Like so many policy ideas from high achievers, it assumes that everyone is a high achiever.  If everyone started at 18 and graduated at 22, then went straight to well-paying work and stayed there, it could almost start to make a lick of sense.  But here on Earth, it’s a non-starter.  A fascinating, well-intended non-starter, but a non-starter.

Years ago, in pre-internet days, I read that in Australia* all student loans were made by the government directly. The rate was set at a bit more than government bonds paid, but not much more. Upon graduation you paid a surtax on your income tax until the loan was paid off. There were provisions for people with no income, leaving the country, and so forth, but all I remember is that there were provisions, not what they were.

*That's how I remember it, but I may have got the location wrong. Old age, memory, and so on…
As I read the proposal from the group, it only applied to tuition and fees, not room and board.

Further, I thought their economic analysis looked at many things you listed and some you did not (like how much incoming tuition goes right back out as financial aid). For example, it would pick up again for your wife if she went back to work, since I think it applies to 20 working years. I think the biggest weakness is if the clock starts when you are earning squat at a grad RA and post doc.

The biggest trick is making the contract enforceable overseas, but in principle it should still apply even in a tax haven nation ... because it is not a tax. Best of all, it puts the U of C system way out in front of the "value added" crowd, since they only stay ahead of inflation if their grads do well.

There's been some articles in the past three or four years about the long-term outcomes of the experiment, but I can't seem to find it. I remember it didn't work out well; I want to say very high income people disliked that they were paying for years on end.

I thought that the way to improve on this is to make the 1% (5%? .4%) pre-tax income. It would a) increase the incentives to participate, and b) help address some of the income hiding issues.
Hi from Australia.

Yes, Anonymous is right, domestic undergraduate students have their tuition covered entirely by the government here. A portion of that we will have to pay back once we earn over a certain amount (government kicks in the rest). The system is called HECS (Higher Education Contributions Scheme):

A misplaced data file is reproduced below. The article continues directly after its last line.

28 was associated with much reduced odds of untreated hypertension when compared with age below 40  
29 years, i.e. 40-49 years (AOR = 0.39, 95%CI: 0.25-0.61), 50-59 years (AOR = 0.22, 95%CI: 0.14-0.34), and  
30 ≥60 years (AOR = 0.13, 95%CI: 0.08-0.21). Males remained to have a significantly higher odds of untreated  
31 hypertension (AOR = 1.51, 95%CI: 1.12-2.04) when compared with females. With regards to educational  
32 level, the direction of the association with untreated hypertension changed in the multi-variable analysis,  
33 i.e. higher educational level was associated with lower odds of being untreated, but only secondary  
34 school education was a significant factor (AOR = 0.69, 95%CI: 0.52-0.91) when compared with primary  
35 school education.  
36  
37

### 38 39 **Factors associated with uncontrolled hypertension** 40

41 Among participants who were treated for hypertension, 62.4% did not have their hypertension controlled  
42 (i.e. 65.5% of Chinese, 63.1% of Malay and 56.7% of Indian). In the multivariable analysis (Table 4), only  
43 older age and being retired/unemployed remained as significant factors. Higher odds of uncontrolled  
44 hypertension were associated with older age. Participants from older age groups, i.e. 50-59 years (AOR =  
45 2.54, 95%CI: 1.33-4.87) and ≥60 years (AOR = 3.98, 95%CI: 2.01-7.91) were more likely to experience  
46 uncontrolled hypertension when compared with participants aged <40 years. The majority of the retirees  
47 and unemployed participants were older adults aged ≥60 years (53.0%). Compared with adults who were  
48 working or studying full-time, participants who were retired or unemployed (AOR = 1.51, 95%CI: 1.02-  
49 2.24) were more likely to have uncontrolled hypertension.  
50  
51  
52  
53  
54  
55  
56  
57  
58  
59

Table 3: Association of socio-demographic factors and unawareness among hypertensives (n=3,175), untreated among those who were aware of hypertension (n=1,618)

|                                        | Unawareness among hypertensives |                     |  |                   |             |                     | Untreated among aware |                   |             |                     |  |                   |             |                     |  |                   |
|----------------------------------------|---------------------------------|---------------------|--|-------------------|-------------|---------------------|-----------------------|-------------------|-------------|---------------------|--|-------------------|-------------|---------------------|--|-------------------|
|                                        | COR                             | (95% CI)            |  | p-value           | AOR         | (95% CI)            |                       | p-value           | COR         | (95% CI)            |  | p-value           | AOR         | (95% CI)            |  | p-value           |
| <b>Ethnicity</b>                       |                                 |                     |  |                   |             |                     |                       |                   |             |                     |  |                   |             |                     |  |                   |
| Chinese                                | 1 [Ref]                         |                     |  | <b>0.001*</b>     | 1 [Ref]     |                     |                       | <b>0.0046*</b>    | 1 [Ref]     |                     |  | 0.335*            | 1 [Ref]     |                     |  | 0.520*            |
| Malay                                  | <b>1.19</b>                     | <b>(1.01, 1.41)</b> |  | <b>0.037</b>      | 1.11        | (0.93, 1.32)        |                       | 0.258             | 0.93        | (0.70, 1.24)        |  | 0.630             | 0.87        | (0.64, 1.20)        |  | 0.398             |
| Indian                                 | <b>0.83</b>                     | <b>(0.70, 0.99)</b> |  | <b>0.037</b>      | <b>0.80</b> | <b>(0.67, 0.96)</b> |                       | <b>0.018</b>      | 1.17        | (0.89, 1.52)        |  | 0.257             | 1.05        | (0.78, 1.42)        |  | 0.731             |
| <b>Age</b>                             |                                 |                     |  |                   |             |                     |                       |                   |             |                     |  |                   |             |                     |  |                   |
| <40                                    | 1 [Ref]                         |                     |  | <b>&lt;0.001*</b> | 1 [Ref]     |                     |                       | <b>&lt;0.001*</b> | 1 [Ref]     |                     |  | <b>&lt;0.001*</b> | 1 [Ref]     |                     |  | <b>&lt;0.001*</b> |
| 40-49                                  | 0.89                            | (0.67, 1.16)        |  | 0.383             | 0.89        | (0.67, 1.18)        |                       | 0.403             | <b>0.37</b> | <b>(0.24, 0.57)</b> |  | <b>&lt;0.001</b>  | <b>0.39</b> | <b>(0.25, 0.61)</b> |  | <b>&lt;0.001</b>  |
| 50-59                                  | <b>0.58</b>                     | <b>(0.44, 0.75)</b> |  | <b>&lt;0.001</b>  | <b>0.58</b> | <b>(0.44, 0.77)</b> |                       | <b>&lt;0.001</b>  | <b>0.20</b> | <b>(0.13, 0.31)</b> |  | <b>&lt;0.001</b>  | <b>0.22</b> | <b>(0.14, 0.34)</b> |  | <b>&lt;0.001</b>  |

this is a really bad idea.

first, engineers will see that it may be much more cost effective to go outside of the state. if it's a choice of Cal for 5% of my next 20 years pay, or UNLV for $50k total, as an engineer, i'll pay the $50k. that leaves the generally lower earning liberal arts grads as the ones who sign up, and the college's ROI will be much less.

second, what happens if a student dies? money gone. 4-5% of the population dies between the ages of 22-42.

third, what happens if a student moves overseas? how do you collect? how do you mitigate risk of foreign students coming over for a free education, and then just going home and skipping the bill?

fourth, what about stay-at-home mothers? my wife worked for 5 years, and then came home. will be home for at least another 5 years (could be forever. who knows?). that's at least 5 years out of the billable salary. what's to stop someone from getting a free education, and then just staying at home to raise their kids?

way too many "what-ifs" to try something like this.
Since this plan seems at least to be functional in Australia (if not idea; but then, what's ever ideal?) it would be instructive to hear from someone familiar with the details. For example, of the students who matriculate there, what percentage graduates? Do non-graduaters also have to pay? What percentage matriculate in the first place (i.e. what proportion of the relevant age group has to be accomodated by this system?) Over time, does this system fully support the institutions of higher ed, or are other income sources needed?
In answer to jas:

first - the system can only work if it's done on a national basis. I know the US is odd about doing things nationally, but that's how systems like this work in other countries, so that engineering student would have the same financial choice wherever he or she studied.

second - I've never heard this raised anywhere as a problem before, it doesn't seem to be a major problem. Maybe 4-5% of the population does die before the age of 42, but I bet the % is lower among the college-educated, so maybe that's why it doesn't seem to be an issue.